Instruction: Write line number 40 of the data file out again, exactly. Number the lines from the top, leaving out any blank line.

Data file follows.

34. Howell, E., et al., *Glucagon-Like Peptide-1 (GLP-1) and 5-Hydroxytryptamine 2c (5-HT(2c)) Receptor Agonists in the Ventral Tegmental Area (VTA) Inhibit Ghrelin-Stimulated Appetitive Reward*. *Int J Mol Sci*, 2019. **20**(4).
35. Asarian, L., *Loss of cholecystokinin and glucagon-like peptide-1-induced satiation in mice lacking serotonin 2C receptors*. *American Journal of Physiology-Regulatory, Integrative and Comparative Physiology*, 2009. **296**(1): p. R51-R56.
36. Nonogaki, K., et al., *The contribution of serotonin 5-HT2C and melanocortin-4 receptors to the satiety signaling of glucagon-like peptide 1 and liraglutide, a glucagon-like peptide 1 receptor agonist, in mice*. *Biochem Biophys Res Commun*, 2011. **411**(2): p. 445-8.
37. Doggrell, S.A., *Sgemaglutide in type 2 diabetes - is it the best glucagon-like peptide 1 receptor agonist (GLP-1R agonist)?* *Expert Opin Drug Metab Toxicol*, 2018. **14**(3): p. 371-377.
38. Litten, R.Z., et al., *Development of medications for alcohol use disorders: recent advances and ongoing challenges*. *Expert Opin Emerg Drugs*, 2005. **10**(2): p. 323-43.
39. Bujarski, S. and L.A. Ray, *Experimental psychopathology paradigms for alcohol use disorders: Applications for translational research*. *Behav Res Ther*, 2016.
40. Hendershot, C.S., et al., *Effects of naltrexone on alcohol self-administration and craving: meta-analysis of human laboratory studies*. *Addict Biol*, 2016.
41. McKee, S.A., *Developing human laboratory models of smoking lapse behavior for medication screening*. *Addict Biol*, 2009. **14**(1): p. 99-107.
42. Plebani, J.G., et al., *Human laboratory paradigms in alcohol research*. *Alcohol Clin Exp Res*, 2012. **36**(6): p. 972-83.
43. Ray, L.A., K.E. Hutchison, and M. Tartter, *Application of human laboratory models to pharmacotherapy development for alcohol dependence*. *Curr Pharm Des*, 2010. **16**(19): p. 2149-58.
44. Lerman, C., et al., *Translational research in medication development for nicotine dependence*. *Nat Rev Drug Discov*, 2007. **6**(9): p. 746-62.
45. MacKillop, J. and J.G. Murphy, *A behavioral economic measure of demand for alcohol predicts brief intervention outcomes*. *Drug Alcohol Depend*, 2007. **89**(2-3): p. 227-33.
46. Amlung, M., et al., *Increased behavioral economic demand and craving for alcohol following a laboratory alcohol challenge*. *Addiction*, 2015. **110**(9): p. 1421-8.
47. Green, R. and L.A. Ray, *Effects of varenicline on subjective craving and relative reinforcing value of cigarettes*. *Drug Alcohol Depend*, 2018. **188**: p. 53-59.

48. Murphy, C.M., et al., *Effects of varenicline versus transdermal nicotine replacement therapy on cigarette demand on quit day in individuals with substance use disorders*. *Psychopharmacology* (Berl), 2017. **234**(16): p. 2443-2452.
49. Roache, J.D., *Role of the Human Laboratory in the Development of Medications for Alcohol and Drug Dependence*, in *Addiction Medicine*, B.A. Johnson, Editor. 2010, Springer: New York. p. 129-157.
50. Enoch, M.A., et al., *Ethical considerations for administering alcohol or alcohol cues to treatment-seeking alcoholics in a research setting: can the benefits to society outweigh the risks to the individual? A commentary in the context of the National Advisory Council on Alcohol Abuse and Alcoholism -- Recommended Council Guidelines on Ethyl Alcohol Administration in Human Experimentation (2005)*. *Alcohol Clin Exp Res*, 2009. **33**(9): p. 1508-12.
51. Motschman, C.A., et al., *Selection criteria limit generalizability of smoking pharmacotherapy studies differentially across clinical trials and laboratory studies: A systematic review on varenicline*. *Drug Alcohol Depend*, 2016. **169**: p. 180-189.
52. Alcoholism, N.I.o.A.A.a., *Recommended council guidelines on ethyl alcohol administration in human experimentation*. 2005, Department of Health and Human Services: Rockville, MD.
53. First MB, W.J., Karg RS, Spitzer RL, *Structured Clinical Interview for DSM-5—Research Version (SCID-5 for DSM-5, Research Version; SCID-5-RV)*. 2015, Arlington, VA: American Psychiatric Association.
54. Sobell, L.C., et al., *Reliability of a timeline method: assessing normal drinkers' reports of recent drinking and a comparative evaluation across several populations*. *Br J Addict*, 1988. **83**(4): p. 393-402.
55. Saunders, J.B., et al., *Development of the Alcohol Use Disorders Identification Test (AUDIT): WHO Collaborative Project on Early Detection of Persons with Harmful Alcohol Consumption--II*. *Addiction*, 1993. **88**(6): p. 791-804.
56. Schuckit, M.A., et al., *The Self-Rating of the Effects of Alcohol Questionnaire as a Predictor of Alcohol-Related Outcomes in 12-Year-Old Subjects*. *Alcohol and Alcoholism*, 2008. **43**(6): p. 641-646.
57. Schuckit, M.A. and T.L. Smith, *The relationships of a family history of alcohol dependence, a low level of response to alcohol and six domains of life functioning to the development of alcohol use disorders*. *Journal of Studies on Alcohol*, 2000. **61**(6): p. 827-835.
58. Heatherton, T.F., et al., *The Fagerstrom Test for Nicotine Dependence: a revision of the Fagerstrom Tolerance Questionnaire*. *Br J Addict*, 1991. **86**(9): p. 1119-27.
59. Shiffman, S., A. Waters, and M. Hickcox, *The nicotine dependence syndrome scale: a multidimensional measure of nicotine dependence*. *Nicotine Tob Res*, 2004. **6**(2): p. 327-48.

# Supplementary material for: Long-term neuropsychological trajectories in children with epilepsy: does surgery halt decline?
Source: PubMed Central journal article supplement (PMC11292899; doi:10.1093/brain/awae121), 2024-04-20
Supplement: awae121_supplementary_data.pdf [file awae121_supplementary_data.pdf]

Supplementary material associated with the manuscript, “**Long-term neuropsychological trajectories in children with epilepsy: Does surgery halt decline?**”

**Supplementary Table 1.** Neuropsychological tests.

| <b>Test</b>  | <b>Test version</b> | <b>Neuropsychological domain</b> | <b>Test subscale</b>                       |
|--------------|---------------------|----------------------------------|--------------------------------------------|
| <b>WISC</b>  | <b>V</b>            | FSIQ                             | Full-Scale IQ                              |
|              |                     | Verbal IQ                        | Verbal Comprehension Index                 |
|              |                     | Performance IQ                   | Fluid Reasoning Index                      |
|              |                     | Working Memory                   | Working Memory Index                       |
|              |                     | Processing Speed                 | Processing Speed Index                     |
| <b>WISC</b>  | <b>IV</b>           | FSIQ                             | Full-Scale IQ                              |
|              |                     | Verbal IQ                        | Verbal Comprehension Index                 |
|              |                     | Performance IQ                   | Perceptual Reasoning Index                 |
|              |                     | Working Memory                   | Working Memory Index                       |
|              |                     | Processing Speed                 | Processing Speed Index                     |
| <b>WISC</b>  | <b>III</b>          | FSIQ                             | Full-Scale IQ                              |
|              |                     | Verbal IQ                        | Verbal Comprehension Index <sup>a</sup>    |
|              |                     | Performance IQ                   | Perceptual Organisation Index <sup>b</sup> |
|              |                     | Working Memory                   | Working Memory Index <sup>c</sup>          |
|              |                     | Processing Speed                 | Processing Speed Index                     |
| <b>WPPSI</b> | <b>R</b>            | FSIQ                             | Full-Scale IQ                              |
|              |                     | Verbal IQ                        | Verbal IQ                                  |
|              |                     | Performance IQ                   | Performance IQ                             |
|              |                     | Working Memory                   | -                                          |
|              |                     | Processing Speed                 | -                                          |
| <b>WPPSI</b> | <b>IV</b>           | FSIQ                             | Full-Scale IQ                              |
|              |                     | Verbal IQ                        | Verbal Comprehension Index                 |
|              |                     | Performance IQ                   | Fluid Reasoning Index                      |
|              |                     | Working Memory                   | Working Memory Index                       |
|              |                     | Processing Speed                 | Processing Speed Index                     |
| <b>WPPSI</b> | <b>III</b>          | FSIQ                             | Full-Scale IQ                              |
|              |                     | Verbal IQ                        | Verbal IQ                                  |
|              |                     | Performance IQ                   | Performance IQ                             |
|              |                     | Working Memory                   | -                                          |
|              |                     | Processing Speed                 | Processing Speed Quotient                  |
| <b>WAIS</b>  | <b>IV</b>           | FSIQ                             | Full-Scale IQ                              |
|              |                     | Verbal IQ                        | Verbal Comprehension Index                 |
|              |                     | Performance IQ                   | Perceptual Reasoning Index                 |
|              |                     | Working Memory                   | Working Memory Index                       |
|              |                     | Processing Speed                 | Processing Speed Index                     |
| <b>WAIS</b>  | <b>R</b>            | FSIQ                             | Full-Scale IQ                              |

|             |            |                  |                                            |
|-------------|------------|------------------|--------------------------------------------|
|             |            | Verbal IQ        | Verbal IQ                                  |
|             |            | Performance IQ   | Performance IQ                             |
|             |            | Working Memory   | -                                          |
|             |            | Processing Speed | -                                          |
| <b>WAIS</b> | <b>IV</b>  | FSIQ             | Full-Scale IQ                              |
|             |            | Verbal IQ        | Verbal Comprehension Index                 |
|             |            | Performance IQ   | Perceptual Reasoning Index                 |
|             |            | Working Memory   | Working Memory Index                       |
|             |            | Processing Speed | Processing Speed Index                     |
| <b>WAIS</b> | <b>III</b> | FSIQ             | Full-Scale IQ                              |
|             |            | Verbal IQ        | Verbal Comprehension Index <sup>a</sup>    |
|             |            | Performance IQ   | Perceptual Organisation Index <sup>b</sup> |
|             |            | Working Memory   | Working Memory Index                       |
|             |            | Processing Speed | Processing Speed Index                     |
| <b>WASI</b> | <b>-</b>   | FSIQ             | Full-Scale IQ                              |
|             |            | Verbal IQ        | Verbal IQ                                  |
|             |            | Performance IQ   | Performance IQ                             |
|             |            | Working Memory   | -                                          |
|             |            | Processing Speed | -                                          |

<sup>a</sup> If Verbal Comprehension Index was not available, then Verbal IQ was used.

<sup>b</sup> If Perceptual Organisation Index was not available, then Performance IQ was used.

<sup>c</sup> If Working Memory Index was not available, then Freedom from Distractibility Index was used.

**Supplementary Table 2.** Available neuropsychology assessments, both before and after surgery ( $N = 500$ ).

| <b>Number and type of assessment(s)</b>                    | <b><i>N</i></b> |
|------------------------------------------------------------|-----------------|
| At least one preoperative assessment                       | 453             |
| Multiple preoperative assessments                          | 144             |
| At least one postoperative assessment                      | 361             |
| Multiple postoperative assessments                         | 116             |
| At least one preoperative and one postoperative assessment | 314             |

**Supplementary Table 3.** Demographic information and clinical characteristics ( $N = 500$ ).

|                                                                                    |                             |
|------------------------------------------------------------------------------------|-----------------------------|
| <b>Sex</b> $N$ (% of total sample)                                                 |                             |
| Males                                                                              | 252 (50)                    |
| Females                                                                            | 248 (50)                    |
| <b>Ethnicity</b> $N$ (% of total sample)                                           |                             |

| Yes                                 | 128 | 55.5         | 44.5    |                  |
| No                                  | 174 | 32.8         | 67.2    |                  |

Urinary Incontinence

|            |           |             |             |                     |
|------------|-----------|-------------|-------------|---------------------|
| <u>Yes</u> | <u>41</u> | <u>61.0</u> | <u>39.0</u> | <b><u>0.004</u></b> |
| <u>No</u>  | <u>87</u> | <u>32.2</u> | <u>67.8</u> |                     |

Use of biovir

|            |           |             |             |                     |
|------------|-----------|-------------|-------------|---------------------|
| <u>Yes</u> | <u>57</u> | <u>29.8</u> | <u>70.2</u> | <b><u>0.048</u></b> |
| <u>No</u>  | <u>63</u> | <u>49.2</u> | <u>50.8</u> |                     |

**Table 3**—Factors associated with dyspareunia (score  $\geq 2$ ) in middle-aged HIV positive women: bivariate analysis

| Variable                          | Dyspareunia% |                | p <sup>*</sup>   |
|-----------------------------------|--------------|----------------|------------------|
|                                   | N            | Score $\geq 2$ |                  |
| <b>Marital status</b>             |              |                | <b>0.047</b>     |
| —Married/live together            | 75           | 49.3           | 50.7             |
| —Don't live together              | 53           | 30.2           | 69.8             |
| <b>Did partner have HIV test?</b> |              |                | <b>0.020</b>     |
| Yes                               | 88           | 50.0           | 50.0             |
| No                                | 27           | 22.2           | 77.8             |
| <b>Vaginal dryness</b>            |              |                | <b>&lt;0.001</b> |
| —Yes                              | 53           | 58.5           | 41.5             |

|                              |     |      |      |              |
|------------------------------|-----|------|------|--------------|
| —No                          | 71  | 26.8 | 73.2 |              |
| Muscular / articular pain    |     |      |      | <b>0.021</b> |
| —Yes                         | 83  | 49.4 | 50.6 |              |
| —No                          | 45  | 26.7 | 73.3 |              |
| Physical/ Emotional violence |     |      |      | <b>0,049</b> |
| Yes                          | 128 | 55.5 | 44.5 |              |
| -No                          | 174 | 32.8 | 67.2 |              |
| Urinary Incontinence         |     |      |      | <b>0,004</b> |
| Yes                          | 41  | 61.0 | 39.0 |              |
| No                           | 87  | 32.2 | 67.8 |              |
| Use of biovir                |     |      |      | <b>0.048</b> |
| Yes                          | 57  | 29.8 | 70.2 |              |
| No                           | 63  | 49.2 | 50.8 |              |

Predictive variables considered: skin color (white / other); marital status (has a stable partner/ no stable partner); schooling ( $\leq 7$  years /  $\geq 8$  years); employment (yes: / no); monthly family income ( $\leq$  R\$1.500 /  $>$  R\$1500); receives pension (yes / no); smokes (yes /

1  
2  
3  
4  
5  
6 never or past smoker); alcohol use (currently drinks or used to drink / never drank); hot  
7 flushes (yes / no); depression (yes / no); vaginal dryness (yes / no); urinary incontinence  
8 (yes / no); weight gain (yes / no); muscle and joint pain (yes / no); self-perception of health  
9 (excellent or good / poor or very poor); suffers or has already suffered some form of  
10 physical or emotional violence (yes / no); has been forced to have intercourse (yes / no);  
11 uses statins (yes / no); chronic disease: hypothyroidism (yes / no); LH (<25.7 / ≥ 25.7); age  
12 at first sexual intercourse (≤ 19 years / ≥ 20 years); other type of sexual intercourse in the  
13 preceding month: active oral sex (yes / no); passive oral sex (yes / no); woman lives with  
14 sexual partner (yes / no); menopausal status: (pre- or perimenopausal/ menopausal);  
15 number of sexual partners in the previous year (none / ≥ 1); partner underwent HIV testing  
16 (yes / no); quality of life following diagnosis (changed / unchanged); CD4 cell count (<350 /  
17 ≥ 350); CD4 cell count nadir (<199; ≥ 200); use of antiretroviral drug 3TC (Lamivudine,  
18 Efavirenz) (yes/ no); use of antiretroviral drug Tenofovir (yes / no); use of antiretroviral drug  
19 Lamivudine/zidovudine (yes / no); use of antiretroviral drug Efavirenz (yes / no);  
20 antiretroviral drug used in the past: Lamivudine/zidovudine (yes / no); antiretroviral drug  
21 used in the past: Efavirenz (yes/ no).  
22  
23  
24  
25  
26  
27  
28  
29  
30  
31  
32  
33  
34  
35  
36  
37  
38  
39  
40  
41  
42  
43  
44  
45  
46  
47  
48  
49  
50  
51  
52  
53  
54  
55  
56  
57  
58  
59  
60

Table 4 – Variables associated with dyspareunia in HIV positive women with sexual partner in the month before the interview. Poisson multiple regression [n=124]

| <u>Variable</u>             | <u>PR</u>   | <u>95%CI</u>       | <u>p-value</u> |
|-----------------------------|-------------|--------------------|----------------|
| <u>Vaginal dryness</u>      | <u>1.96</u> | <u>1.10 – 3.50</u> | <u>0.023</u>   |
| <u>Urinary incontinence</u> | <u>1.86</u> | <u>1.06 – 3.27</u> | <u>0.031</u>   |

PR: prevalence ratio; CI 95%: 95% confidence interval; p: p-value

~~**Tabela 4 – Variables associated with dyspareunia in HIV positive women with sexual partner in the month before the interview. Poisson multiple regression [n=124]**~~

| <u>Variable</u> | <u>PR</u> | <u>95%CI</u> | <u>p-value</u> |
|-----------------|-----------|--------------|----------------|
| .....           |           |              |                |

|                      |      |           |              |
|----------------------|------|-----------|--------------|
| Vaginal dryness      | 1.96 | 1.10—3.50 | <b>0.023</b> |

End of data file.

|              |                     | Verbal IQ                        | Verbal Comprehension Index                 |